The Ridges Sanctuary

Preservation, Education, and Research

Nature Notes: Creating Environmental Stewardship

Posted on Apr 10, 2024 by Jackie Rath   No Comments Yet | Posted in Articles · Blog · Nature Notes

By Libby Humphries, WisCorps Environmental Educator

When I was a child growing up in the metro-Atlanta area, my public education was greatly limited to the confines of a brick-and-mortar building. Tales of plate tectonics and photosynthesis were recited like oral tradition, with only illustrations in textbooks to supplement my teachers’ words. Learning about these real-life concepts solely within a traditional classroom caused a huge disconnect between myself and the natural world—one that lasted through my early undergraduate years. 

Needless to say, when I first learned of the Forest Days programs that The Ridges Sanctuary facilitates at local schools Gibraltar and Sevastopol, I felt taken aback. Once a month during the school year, students in 4K through grade 6 (4K through grade 2 at Sevastopol) spend up to 90 minutes in a designated school forest learning about topics from spring migration to ancient rivers. Each school forest functions as both an outdoor classroom and the learning material for each lesson; all Forest Day topics can be explored through the physical space of the forest. Students certainly take advantage of this opportunity for exploration, as most of each Forest Day session is spent rummaging through leaf litter, feeling the bark of a white pine flake at their fingertips, and scanning the canopy for woodpecker holes.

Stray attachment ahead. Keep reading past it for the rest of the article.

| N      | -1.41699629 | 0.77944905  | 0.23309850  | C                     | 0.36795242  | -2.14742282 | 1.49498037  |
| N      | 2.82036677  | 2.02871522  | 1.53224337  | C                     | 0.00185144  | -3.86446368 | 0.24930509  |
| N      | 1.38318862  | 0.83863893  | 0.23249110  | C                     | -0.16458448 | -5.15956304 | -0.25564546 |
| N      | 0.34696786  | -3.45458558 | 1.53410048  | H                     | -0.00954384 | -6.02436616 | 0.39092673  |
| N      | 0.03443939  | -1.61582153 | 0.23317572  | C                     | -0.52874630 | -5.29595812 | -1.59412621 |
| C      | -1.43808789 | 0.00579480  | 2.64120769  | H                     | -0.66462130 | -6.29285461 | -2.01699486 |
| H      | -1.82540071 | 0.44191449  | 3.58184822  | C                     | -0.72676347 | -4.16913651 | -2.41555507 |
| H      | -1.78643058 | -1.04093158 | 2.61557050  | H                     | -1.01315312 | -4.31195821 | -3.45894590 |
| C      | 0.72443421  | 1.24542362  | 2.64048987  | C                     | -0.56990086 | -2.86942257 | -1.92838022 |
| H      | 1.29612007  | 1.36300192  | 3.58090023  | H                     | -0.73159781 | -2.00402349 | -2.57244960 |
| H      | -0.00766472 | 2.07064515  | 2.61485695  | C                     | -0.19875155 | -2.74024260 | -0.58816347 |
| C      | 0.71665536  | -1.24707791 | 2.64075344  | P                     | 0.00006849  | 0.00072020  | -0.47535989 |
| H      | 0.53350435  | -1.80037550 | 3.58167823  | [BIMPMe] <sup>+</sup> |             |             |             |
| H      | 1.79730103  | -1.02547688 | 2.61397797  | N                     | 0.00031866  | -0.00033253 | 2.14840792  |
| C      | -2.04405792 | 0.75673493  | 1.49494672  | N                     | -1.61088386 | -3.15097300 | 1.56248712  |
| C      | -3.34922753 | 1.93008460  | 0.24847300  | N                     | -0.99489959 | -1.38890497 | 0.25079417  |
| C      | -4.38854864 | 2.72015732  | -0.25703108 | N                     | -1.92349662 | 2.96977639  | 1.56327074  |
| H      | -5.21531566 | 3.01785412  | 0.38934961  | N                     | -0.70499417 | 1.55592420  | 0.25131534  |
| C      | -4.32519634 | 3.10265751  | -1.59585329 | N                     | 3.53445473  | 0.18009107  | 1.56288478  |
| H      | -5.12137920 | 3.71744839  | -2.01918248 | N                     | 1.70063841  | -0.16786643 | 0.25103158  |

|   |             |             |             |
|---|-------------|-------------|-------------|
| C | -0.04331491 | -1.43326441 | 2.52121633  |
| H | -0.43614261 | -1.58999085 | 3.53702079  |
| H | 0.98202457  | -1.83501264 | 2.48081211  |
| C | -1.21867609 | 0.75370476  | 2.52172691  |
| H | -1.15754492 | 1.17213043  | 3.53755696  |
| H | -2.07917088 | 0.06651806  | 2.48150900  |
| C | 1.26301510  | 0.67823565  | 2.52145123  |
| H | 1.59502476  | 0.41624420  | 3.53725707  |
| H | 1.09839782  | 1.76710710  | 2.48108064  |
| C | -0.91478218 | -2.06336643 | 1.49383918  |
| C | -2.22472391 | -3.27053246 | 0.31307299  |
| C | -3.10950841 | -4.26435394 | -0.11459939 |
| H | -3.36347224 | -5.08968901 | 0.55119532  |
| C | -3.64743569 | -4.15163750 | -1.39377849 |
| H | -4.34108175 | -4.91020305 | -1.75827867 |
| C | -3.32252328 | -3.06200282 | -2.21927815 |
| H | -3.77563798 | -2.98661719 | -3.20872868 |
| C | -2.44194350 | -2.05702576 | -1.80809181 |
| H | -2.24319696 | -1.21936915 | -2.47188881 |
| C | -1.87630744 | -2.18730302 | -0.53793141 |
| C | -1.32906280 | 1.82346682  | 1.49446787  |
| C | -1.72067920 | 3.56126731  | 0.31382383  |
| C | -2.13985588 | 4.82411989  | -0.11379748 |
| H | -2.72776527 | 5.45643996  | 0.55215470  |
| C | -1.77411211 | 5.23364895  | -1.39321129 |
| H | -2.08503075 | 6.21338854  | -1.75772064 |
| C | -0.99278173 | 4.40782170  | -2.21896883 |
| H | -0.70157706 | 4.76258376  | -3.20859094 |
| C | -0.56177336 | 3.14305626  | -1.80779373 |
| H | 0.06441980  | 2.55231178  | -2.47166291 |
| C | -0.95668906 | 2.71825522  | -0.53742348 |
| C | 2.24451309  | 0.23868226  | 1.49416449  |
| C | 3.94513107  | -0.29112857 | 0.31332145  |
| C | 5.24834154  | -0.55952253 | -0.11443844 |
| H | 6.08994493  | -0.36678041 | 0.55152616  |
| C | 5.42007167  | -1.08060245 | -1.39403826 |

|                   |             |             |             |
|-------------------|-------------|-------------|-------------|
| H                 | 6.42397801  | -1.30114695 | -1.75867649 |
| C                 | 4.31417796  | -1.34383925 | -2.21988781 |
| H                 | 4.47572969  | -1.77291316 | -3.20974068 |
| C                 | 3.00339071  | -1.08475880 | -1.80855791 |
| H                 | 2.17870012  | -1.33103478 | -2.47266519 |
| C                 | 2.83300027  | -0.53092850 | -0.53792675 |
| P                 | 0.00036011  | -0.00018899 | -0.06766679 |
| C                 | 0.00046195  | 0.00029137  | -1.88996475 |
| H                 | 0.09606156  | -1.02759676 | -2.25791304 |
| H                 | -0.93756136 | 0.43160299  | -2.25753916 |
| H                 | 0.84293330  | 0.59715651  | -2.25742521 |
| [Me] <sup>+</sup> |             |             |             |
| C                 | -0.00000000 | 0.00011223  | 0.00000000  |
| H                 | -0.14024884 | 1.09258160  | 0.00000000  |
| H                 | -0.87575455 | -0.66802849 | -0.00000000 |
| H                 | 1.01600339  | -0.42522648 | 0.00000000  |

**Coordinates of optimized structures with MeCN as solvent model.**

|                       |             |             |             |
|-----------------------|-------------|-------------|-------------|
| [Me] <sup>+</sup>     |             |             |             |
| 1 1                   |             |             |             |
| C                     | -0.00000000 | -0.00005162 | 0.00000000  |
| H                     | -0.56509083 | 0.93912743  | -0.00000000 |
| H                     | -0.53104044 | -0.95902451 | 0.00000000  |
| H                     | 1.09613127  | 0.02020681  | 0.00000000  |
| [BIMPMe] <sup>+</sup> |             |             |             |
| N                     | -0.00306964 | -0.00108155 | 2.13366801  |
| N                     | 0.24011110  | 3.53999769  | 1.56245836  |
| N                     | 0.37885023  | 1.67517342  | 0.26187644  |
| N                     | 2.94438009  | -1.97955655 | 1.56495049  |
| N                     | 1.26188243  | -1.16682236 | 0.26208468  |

Sound maps created by students during sit spot, a silent time at the end of each Forest Day. Photos shared by Libby Humphries

This independent investigation is key to a successful session. While some investigative activities are routine—such as making observations about an organism of choice along the trail—much depends on both the specific Forest Day topic and the age group receiving the lesson. Younger groups learning about moss, for example, may explore the forest with moss field guides and observation sheets. Older groups may conduct habitat assessments of different mosses by measuring soil characteristics and land angle.  

Nests that 3rd graders constructed during a lesson about bird eggs and nest types. Photos by Libby Humphries

The value of these activities lies in empowerment. When students can identify characteristics of an area—whether bird species, soil type, or tree growth stages--they feel like experts who want to share their knowledge with others. Knowing about the forest makes them feel confident. In addition, not every child experiences the forest in the same way. The unique positive experiences and memories they make with the forest build a sense of connection with the natural world while also creating opportunities for them to connect with each other. This shows in the smallest things, from sharing anecdotes while comparing worksheets to giving group hugs to the “Mother Tree.” 

The "Mother Tree." Photo by Libby Humphries